Working near power lines on an aerial lift closer than the following distances is allowed: 30 ft. and a fully extended boom from cables on wooden pole, and 50 ft. and a fully extended boom from an electrical pylon.
An expert from the utility firm should identify which cables are live; their voltage; the correct MSAD based on the voltage; and any extra measure needed to work safely.
Generally speaking, the higher the voltage, the more distance must be put between the lines and the workers. When in doubt, keep back from power lines. It’s simply not worth working near power lines when you’re unsure of their voltage.
Power Line Safety On the Job
Keeping safe on the job site is of utmost importance. With a little foresight, you and your team can learn how to avoid power line hazards. Lift workers should be aware of all live electrical equipment in the area. This includes overhead cables because they are rarely insulated.
You should always inspect the worksite before starting the job. Look for any live cables that could put workers at risk. Then place warning signs to point out any hazards.
When setting up aerial lifts, tools and devices that can conduct electricity should not enter the MSAD zone or contact power lines. Setting up or moving aerial lifts around overhead power lines can increase the chances of an accident. Use a “spotter” to ensure that clearance between the lift and the cables does not breach the MSAD.
Never extend an aerial lift above live cables. When doing electric welding work, do not use any part of the lift as an electrical ground. Train all lift workers how to safely work around the electrical hazards on the job site.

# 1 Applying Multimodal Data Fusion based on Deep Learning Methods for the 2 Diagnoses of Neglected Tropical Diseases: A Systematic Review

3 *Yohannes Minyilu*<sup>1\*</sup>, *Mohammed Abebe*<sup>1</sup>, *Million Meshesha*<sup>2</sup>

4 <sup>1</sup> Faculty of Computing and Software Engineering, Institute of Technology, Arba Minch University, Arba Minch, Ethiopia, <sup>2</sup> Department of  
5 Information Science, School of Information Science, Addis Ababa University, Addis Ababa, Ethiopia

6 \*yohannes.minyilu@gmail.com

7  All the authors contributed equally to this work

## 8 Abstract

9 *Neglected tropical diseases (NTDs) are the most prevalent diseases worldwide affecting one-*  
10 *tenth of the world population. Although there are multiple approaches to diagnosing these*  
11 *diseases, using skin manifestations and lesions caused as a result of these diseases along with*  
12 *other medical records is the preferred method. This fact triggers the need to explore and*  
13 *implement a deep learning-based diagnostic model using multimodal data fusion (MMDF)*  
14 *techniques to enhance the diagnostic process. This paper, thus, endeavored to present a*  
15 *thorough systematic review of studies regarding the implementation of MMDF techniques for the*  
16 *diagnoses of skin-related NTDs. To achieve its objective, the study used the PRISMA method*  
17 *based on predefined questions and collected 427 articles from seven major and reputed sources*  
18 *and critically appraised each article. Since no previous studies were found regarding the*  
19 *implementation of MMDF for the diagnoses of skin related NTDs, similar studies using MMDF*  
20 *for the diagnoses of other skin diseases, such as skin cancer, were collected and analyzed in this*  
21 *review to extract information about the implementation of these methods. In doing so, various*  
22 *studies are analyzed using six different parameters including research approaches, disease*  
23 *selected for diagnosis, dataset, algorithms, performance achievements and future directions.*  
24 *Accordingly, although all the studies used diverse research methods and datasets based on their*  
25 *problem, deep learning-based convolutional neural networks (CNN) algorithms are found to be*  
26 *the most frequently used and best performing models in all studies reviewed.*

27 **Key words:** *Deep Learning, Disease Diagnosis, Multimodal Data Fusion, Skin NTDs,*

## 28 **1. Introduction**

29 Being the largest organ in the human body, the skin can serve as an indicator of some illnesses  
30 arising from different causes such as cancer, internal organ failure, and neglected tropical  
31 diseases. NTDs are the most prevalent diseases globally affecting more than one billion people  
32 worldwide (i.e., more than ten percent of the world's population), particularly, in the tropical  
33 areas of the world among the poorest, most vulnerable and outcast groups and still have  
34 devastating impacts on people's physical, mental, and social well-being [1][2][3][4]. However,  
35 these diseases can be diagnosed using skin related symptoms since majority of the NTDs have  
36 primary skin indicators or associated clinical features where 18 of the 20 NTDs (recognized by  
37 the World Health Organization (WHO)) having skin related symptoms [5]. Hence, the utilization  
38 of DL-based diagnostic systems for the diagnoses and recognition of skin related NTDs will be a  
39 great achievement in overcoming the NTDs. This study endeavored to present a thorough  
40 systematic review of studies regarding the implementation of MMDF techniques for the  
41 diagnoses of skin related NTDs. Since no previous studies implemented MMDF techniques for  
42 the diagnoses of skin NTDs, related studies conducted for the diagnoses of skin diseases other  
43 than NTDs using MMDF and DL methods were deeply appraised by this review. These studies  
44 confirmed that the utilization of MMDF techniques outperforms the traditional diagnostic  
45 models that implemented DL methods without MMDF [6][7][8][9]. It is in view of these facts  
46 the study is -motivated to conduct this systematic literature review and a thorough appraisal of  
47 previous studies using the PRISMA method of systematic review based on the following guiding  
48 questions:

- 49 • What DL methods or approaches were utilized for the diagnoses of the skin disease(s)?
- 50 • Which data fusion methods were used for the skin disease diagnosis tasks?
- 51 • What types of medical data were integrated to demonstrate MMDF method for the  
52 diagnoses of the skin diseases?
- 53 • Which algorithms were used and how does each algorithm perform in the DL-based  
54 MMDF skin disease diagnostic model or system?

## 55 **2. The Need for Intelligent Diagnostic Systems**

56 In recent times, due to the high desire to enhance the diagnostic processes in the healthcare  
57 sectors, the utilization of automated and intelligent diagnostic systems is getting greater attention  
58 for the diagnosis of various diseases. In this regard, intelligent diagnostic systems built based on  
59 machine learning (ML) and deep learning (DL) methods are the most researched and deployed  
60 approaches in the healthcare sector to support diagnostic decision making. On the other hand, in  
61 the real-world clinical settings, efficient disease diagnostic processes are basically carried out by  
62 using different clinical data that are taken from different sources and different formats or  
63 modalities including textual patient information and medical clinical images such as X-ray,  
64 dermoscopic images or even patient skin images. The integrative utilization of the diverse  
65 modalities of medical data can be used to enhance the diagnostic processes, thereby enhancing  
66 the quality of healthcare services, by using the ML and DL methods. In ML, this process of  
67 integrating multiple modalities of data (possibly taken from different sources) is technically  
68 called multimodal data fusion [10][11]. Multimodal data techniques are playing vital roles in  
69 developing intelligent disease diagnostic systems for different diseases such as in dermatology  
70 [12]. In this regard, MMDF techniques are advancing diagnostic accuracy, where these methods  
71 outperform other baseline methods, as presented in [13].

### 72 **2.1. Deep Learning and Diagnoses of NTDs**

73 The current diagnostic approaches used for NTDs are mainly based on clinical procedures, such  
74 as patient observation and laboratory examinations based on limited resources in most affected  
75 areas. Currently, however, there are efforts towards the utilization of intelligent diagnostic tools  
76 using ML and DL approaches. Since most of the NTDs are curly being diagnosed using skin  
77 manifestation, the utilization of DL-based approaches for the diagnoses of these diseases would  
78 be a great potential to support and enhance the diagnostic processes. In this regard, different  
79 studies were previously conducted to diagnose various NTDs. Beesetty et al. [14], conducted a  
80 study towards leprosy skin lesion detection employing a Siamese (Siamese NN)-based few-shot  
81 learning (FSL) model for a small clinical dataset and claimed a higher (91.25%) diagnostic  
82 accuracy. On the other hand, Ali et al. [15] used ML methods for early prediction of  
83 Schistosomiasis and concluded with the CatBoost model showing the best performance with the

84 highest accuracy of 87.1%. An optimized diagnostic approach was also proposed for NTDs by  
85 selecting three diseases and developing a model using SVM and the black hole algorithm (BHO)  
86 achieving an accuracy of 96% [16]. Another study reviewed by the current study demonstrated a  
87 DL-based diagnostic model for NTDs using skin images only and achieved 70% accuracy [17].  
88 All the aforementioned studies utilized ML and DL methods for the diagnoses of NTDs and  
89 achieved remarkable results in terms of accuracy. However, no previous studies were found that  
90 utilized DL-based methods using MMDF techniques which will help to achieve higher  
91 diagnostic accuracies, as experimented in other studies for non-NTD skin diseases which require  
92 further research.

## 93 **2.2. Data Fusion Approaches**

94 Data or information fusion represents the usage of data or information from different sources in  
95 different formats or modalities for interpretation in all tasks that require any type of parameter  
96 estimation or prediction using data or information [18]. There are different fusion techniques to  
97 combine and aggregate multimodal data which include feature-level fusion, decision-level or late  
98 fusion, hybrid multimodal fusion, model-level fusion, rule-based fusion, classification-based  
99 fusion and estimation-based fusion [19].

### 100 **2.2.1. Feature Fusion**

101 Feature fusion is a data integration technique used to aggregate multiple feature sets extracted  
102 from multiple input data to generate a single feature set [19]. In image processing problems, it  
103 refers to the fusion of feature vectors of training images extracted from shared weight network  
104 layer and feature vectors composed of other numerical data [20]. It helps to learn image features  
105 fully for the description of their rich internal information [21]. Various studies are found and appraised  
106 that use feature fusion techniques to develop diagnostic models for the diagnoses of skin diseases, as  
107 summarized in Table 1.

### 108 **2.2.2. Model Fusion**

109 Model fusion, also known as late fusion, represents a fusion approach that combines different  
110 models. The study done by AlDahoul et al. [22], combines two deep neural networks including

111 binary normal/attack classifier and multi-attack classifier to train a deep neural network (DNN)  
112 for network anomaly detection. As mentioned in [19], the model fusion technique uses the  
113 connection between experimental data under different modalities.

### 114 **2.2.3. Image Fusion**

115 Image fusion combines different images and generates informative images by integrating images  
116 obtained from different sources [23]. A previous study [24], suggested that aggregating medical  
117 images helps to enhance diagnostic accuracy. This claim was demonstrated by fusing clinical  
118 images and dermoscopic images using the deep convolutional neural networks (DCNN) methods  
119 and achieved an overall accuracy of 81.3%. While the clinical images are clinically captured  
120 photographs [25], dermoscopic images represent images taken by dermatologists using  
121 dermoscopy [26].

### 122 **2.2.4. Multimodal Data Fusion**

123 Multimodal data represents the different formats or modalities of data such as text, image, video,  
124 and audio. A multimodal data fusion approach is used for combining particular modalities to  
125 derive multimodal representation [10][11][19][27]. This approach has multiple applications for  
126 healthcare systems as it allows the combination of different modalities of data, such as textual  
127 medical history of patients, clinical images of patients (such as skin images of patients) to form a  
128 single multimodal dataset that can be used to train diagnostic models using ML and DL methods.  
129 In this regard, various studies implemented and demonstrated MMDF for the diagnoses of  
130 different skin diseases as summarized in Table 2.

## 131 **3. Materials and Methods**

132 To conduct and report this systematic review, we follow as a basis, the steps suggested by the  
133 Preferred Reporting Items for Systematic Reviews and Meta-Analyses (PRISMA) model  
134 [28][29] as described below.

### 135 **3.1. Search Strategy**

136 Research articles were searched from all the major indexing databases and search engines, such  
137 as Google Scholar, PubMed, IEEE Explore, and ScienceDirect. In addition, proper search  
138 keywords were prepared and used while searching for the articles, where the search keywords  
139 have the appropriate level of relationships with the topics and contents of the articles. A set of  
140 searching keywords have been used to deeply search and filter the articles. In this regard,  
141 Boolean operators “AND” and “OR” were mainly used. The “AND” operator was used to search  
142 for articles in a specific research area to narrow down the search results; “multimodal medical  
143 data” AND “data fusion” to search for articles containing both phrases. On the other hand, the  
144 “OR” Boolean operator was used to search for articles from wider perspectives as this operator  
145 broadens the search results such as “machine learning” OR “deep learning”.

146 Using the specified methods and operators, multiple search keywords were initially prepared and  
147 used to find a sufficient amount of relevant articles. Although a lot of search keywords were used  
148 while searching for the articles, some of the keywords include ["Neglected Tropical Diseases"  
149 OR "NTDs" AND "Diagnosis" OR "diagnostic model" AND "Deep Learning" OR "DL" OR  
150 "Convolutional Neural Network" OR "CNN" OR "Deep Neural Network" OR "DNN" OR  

Aerial lifts provide a safe way to work at height when safety measures are used. When working around power lines always assume all overhead wires are live and carry a lethal voltage. Never assume a wire is safe to touch, even if appears to be insulated. Stay at least 10 feet away from overhead wires during cleanup and never touch a downed overhead power line.
Key Questions to Ask
They say knowledge is power, and that’s never more true than when you’re working near power lines. Each day on the construction site, it’s helpful to ask several questions about the situation at hand. Discover whether there are any power lines in the area. Determine what, if any, precautions have been taken. Check whether or not dangerous situations have been communicated to the onsite workers. Ask if anything has changed since the previous work day. Also consider whether there might be any new workers who might not be familiar with the site and its hazards. The answers to these questions can help you avoid many of the most common hazards of overhead power lines.
Prioritizing safety at the job site is key. Making this a collective goal for your entire team can help everyone stay that much safer at work. By looping workers into your goals for a safe work environment, you enlist their eyes and ears for spotting hazards you might have overlooked yourself. Well meaning pedestrians, mechanical lines under pressure, and mobile equipment placed too close to the work site can all present new safety challenges to overcome. By working as a team, you can make job sites safe even when power lines are present.
Aerial Lift Safety Training and Certification
All lift workers should be trained and certified when working near power lines. It is required by OSHA, and can save the lives of employees. AerialLiftCertification.com (ALC) provides fast, affordable training for aerial and scissor lifts.
You may be surprised to learn our courses are quicker, easier and more affordable than you think. They can be taken anywhere you have an Internet connection. They can be completed in about an hour. And workers can print their certification cards as soon as they complete the course.